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Threat hunting is one of the most critical activities performed by SOC teams. Once an alert triggers and a tier-1 analyst assesses it and sends it up the line for further evaluation by a more senior analyst, the race is on. Hunting down the threat as quickly as possible, before it can wreak havoc on the organization, becomes the top priority.
However, while the majority of organizations with a SOC have skilled analysts who handle threat hunting, evidence indicates that many organizations face a range of challenges with the effectiveness of their threat hunting tools and programs.
In this article, we’ll review four important requirements for building an effective threat hunting toolset:
The ineffectiveness of threat hunting teams is an ongoing source of frustration and pain, according to a survey by the Ponemon Institute. 54% of respondents say their organizations have a threat hunting team, which is the good news. The not-so-good news, however, is that nearly half of those who have threat hunters on the payroll (45%) say their organization is not effectively leveraging the skills of threat hunters to stop security incidents. And another 16% say they aren’t even sure whether their threat hunting activities are effective or not.
Take a look at this table. It identifies the top reasons respondents feel their organization’s threat hunting efforts are suffering. Analyst overload—too many indicators of compromise to track, cited by 61%, and too much network traffic to compare against IOCs, 50%—are the top reasons cited. Other reasons include lack of internal resources/expertise, and too many false positives.
What can organizations do to end the frustration and, most importantly, improve their threat hunting?
In today’s relentless threat environment, it’s no longer sufficient to build lines of defense around your business to protect against attackers. You must respond to ongoing attacks proactively and iteratively. Modern cybercriminals are smart, determined, and well-funded. Their threats are cleverly crafted to slip past an organization’s defenses. Your organization can accelerate the hunting process by identifying threats before they inflict damage by analyzing the entire attack surface with the goals of uncovering historical threat patterns and exploring new data for ongoing attacks. Enabling threat hunters to run queries across any volume of data, any number of sources, and any time horizon using multiple filter criteria’s to proactively identify threats will increase impact of tools.
Manual efforts alone make it virtually impossible to detect evidence of an advanced threat. Effective threat hunting requires three key ingredients: speed, scale, and performance. Your analysts need complete visibility along with the flexibility to rapidly test changing hypotheses. The most effective cyber threat hunting tool is one that enables analysts to quickly and intelligently query and pivot across petabytes of diverse data to identify and take fast, decisive action against IOCs, while also leveraging historical data to map advanced threat campaigns across time.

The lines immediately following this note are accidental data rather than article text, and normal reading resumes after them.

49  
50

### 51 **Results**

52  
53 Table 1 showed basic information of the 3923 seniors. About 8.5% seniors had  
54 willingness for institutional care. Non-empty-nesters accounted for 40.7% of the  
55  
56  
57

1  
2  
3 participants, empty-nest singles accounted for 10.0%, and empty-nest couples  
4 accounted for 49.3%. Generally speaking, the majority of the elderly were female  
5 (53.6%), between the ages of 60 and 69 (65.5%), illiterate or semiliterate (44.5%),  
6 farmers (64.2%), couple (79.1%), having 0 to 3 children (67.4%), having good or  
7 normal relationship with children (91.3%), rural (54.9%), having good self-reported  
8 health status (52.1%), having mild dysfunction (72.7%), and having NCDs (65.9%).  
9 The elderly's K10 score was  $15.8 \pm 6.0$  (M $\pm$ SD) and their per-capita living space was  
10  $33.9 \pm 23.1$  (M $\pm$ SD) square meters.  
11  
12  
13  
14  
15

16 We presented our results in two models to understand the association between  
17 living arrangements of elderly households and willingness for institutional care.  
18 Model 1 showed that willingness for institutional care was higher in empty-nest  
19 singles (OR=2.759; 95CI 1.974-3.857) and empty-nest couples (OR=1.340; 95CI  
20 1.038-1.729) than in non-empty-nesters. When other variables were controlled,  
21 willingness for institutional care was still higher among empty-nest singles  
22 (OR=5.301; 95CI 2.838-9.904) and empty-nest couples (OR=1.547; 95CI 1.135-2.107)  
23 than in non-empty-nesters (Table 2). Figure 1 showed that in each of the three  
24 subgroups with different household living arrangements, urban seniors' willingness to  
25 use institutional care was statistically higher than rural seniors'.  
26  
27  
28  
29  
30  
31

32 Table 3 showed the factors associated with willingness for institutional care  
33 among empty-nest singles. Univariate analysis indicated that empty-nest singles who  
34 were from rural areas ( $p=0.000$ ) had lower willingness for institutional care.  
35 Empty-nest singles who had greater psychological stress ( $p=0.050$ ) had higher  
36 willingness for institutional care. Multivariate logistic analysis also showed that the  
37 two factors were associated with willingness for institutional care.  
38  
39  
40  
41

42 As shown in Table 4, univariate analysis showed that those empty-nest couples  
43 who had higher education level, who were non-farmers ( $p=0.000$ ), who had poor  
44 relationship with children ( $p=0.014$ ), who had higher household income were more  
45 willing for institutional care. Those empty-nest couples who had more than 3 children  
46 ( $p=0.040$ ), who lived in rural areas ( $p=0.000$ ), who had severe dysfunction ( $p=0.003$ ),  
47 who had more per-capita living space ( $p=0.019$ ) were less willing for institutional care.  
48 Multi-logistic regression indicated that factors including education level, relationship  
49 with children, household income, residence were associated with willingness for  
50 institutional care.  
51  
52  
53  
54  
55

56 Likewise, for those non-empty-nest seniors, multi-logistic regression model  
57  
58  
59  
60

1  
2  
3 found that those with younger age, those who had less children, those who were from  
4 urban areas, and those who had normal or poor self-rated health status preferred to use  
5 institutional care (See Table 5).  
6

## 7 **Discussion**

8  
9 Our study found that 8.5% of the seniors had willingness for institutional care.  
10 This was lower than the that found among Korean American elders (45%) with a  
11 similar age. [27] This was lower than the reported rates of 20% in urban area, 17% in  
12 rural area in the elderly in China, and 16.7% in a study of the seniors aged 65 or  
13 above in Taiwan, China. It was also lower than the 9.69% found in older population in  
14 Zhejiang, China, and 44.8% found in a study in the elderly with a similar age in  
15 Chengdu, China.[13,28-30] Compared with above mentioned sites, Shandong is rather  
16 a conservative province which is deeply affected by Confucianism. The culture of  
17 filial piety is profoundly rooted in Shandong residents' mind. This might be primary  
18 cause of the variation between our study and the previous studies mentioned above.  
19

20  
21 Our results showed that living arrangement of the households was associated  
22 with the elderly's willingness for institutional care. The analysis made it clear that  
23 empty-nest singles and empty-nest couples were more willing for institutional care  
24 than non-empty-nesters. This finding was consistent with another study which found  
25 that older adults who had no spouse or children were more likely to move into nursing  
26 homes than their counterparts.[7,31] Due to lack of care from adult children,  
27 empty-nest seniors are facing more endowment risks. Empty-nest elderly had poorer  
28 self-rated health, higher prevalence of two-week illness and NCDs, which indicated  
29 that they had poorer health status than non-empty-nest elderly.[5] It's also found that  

The ideal threat hunting tool will unlock analyst creativity by providing easy access to three critical elements: threat and malware intelligence, behavioral observations, and real-time context for richer analysis. With legacy SIEMs, analysts must manually query multiple sources and systems to comprehend which threats truly matter and then stitch together what their potential impact could be. An effective workbench of threat hunting tools should enable threat hunters to run queries across any volume of data, any number of sources, and any time period using multiple filter criteria to identify threats proactively. At the end of the day, your threat hunting process will accelerate if you are able to automatically populate events in an actionable context.
Detecting threats is difficult enough; exploring and eradicating makes the overall process that much harder. For the greatest effectiveness, your threat hunting tool should provide the insight needed to isolate the source of an incident and drive appropriate response activities. On top of that, build a toolset that makes it easy for analysts to easily add hunting results as context to an existing investigation or to begin a new one. This empowers analysts to take definitive action against threats as well as continuously improve their work by streamlining the process to incorporate findings into investigation workflows. The end result will be more effective and efficient SOC operations, reduced redundancy, and more time to prepare for and conduct the inevitable next hunt.
To learn how Devo provides threat hunters a single, unified platform to pivot between alerts, investigations, and hunting, watch our on-demand webinar with SANS.
By Jason Mical
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